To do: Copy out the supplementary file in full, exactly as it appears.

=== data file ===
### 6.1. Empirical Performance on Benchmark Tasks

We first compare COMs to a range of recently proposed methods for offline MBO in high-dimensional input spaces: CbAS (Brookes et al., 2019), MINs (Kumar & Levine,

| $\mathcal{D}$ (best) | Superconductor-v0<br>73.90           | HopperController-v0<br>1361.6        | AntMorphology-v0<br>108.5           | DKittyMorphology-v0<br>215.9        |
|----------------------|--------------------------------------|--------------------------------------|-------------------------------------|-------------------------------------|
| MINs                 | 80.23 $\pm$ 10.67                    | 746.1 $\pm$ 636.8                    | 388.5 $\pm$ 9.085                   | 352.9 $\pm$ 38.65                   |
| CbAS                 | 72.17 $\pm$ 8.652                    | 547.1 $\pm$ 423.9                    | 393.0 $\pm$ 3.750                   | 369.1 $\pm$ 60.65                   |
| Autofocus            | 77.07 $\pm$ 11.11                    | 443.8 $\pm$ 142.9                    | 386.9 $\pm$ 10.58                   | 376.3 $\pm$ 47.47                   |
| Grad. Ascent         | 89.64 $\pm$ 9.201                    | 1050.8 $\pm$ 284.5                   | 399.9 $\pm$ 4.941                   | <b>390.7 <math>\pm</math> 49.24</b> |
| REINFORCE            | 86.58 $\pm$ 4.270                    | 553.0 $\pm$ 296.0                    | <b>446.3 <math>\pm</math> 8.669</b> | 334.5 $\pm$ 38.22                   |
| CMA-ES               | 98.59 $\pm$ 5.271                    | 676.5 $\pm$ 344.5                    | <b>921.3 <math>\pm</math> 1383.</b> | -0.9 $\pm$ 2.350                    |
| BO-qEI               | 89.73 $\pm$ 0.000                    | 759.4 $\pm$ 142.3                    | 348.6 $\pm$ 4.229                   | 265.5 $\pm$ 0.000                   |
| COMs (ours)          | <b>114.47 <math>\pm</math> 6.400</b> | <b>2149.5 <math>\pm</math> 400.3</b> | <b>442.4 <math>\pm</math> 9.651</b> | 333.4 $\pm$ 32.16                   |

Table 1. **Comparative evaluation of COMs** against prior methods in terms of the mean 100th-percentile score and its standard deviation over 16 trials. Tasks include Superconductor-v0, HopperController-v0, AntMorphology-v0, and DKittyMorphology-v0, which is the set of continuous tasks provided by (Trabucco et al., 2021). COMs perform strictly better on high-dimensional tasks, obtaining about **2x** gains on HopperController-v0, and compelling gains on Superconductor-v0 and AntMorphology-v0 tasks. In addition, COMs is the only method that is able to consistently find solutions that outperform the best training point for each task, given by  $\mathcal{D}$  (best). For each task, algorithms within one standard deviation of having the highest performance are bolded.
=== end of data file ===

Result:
### 6.1. Empirical Performance on Benchmark Tasks

We first compare COMs to a range of recently proposed methods for offline MBO in high-dimensional input spaces: CbAS (Brookes et al., 2019), MINs (Kumar & Levine,

| $\mathcal{D}$ (best) | Superconductor-v0<br>73.90           | HopperController-v0<br>1361.6        | AntMorphology-v0<br>108.5           | DKittyMorphology-v0<br>215.9        |
|----------------------|--------------------------------------|--------------------------------------|-------------------------------------|-------------------------------------|
| MINs                 | 80.23 $\pm$ 10.67                    | 746.1 $\pm$ 636.8                    | 388.5 $\pm$ 9.085                   | 352.9 $\pm$ 38.65                   |
| CbAS                 | 72.17 $\pm$ 8.652                    | 547.1 $\pm$ 423.9                    | 393.0 $\pm$ 3.750                   | 369.1 $\pm$ 60.65                   |
| Autofocus            | 77.07 $\pm$ 11.11                    | 443.8 $\pm$ 142.9                    | 386.9 $\pm$ 10.58                   | 376.3 $\pm$ 47.47                   |
| Grad. Ascent         | 89.64 $\pm$ 9.201                    | 1050.8 $\pm$ 284.5                   | 399.9 $\pm$ 4.941                   | <b>390.7 <math>\pm</math> 49.24</b> |
| REINFORCE            | 86.58 $\pm$ 4.270                    | 553.0 $\pm$ 296.0                    | <b>446.3 <math>\pm</math> 8.669</b> | 334.5 $\pm$ 38.22                   |
| CMA-ES               | 98.59 $\pm$ 5.271                    | 676.5 $\pm$ 344.5                    | <b>921.3 <math>\pm</math> 1383.</b> | -0.9 $\pm$ 2.350                    |
| BO-qEI               | 89.73 $\pm$ 0.000                    | 759.4 $\pm$ 142.3                    | 348.6 $\pm$ 4.229                   | 265.5 $\pm$ 0.000                   |
| COMs (ours)          | <b>114.47 <math>\pm</math> 6.400</b> | <b>2149.5 <math>\pm</math> 400.3</b> | <b>442.4 <math>\pm</math> 9.651</b> | 333.4 $\pm$ 32.16                   |

Table 1. **Comparative evaluation of COMs** against prior methods in terms of the mean 100th-percentile score and its standard deviation over 16 trials. Tasks include Superconductor-v0, HopperController-v0, AntMorphology-v0, and DKittyMorphology-v0, which is the set of continuous tasks provided by (Trabucco et al., 2021). COMs perform strictly better on high-dimensional tasks, obtaining about **2x** gains on HopperController-v0, and compelling gains on Superconductor-v0 and AntMorphology-v0 tasks. In addition, COMs is the only method that is able to consistently find solutions that outperform the best training point for each task, given by  $\mathcal{D}$  (best). For each task, algorithms within one standard deviation of having the highest performance are bolded.